I would first like to point out that I had never sat back and objectively looked at Laguna Beach before; most of that probably comes from the hidden shame that I have from watching this show in the first place. Anyway, for the most part Laguna Beach is able to incorporate many themes that I hate about popular television today: 1) Reality TV; 2) Spoiled Rich Kids; 3) Overly-Good Looking People. Any passerby that watches this show would think it’s just another glossy teen-drama about kids who are way too rich to have so many issues, and in many ways it is. The ridiculously mean things that some of these kids say to one another, the extravagant trips that they go on, the luxury items like clothes and cars that they are privy to; it’s enough to make anyone “why in the hell am I watching this?” However, just like the original author of this article says, this show feeds off the point that it’s “the real OC” as opposed to the scripted version on television. It’s a real show about real rich kids and somehow that makes for good television. I am apart of the slightly jaded MTV GENERATION, so I am biologically inclined to watch crap like this. Although, no matter how much I might rag on it, there is no disputing how well done (aesthetically speaking) this show is. MTV takes note of the many watered down reality TV formats because it helped bring them about, and they try to visually present something a little bit different with subject matter that has been seen, time and time again. The very thing that makes me dislike reality shows about rich people (I HATE PARIS HILTON) is the very thing that draws me into them. As someone from the outside, it’s rather intriguing to me to be brought into a world of which I know nothing about. So maybe this will help me to understand them better, or maybe it’s just something for me to do for a half-hour (I’m leaning towards the latter).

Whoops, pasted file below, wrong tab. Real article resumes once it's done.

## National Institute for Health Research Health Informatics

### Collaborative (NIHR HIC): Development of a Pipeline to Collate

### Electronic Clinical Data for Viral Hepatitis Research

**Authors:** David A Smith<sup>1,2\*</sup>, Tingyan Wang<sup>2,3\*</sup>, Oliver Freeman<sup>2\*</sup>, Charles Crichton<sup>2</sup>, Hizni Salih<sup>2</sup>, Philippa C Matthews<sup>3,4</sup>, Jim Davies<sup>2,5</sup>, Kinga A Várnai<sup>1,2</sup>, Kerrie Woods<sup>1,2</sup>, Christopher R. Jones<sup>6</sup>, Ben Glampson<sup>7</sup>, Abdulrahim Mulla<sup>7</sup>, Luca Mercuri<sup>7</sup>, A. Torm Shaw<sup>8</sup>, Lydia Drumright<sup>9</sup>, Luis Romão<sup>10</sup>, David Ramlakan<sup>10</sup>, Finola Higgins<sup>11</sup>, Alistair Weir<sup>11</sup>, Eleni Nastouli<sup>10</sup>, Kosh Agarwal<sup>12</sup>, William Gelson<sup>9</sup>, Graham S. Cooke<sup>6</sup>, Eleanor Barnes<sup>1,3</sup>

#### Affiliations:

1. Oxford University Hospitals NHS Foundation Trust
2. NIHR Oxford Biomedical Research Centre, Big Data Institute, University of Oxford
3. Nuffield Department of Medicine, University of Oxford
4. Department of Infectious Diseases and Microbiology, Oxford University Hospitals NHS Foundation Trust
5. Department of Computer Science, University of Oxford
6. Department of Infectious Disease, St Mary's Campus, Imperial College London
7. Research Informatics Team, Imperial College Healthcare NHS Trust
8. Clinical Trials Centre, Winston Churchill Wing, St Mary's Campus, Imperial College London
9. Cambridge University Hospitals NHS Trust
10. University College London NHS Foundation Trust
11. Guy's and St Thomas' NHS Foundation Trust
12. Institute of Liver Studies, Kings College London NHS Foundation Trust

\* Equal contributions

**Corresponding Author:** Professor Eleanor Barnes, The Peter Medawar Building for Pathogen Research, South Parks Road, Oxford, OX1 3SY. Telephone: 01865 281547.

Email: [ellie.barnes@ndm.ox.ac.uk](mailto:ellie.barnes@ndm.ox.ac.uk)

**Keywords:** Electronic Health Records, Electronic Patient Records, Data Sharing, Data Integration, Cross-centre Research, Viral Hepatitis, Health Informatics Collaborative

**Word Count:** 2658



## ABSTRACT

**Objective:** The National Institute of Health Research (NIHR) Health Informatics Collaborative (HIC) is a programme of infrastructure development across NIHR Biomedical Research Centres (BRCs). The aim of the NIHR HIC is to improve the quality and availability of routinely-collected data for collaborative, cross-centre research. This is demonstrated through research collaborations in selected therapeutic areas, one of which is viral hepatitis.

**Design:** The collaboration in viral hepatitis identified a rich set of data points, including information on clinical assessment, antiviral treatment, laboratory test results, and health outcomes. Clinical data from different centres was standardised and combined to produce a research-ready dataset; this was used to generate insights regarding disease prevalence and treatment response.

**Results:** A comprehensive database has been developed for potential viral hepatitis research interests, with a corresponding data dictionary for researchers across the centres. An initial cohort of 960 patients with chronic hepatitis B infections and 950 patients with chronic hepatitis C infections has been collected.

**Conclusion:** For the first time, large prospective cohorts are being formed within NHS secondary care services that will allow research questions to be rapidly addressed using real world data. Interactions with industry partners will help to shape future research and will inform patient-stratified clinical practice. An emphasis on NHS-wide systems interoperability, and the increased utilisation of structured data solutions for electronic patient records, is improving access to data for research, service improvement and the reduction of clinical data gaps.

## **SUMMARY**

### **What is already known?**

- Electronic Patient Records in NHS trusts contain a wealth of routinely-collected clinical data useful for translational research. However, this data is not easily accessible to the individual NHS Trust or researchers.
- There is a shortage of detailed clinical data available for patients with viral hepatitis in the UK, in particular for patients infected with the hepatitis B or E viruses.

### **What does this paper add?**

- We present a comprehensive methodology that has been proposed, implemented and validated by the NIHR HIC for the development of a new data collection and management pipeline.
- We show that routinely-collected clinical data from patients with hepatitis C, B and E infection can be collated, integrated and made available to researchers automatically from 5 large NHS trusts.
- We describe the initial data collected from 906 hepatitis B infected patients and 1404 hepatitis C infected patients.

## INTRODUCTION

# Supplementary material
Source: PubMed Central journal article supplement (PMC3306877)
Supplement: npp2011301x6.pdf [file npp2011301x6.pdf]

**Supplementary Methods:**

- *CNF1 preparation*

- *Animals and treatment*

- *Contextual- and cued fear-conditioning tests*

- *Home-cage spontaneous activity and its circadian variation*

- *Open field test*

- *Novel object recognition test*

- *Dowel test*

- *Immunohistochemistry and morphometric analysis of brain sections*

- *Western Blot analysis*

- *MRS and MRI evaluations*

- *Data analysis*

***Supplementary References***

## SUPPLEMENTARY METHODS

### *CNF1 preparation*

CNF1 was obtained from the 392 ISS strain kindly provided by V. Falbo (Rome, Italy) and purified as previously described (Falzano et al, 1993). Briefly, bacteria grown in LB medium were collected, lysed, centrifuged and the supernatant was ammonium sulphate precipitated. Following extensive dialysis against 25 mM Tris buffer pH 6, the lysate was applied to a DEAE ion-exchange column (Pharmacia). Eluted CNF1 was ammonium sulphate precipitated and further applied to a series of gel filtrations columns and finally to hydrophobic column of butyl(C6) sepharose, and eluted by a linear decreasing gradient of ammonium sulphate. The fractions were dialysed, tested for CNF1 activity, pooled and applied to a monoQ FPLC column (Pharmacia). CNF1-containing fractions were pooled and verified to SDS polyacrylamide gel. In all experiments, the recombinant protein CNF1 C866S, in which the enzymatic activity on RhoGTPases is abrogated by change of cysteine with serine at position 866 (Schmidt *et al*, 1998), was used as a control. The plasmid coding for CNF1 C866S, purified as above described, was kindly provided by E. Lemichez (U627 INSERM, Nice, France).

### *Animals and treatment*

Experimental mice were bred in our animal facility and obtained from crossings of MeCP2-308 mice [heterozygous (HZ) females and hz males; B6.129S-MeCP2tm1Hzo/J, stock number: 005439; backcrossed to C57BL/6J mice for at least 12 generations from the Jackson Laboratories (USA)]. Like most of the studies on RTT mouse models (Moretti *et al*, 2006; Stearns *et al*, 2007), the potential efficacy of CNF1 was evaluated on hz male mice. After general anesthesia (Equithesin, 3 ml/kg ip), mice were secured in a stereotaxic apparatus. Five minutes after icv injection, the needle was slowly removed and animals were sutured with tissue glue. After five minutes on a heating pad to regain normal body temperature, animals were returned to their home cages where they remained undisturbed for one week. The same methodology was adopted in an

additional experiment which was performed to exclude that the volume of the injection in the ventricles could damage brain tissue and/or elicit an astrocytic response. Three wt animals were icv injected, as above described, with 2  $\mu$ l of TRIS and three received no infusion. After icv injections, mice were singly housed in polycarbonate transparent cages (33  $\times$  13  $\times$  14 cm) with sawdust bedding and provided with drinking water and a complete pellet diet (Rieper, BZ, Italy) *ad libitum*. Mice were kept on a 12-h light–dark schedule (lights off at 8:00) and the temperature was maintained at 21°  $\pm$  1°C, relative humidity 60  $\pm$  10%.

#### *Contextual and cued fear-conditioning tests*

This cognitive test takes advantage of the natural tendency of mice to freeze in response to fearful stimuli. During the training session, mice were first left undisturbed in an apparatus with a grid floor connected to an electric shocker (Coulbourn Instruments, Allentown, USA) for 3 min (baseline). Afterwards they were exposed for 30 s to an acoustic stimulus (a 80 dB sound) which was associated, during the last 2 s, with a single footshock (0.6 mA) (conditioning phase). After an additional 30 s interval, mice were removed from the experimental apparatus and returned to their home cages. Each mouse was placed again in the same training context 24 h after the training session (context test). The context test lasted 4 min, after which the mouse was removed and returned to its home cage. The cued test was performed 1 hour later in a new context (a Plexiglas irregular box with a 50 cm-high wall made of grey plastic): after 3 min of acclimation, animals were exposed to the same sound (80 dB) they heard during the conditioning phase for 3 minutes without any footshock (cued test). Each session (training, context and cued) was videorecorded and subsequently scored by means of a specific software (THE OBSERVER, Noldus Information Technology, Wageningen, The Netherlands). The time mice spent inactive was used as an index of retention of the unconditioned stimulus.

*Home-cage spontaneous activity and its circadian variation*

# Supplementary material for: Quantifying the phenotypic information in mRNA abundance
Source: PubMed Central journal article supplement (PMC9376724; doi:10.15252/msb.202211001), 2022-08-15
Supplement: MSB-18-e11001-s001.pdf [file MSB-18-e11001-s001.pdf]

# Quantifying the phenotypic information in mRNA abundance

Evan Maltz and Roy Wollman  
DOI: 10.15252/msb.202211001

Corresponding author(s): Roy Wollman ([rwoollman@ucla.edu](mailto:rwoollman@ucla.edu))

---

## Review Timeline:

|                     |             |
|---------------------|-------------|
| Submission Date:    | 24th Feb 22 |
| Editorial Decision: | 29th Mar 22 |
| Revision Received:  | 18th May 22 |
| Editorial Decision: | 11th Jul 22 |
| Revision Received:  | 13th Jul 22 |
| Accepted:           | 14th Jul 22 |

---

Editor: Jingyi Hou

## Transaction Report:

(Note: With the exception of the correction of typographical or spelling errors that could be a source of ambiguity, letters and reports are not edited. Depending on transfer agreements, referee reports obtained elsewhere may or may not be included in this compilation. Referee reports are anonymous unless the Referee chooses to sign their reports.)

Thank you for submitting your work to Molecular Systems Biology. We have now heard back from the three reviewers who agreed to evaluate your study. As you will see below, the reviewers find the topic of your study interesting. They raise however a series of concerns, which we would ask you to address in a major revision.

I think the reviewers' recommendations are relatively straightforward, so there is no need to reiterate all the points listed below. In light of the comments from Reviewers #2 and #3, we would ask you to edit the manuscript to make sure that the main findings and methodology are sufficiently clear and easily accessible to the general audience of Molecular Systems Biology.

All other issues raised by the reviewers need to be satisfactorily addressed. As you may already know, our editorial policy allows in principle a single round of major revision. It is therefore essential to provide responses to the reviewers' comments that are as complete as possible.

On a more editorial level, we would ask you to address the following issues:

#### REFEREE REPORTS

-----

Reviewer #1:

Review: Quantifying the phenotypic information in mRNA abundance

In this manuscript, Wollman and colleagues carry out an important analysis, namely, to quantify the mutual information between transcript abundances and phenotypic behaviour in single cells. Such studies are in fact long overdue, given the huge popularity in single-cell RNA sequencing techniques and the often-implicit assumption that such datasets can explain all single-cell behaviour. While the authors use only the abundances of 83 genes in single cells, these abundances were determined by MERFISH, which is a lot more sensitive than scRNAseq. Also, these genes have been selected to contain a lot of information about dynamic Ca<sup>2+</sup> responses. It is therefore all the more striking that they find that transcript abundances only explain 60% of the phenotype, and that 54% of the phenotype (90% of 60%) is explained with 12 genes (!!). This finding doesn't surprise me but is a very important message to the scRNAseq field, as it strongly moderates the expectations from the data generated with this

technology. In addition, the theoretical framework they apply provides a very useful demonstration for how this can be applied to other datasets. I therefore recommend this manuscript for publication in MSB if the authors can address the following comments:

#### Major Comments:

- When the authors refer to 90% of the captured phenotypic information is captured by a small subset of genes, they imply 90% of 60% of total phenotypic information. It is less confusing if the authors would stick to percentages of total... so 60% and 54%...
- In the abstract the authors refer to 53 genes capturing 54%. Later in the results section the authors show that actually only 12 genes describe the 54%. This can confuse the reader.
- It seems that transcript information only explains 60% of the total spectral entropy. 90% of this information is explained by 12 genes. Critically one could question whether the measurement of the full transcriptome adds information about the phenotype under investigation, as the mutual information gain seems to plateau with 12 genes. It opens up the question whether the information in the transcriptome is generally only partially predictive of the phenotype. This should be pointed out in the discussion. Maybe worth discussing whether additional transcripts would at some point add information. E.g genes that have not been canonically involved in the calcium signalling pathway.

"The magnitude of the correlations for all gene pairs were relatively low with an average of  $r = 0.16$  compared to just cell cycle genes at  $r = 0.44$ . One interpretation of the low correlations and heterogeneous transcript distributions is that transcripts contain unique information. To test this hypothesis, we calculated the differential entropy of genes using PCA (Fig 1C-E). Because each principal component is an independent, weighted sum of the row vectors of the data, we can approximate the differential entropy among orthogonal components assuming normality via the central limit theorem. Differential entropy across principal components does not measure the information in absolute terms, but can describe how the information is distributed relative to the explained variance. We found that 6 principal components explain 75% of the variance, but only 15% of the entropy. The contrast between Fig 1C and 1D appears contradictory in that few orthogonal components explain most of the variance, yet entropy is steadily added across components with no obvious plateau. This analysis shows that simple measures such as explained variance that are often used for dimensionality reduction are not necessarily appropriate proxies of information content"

• Samantha Garrett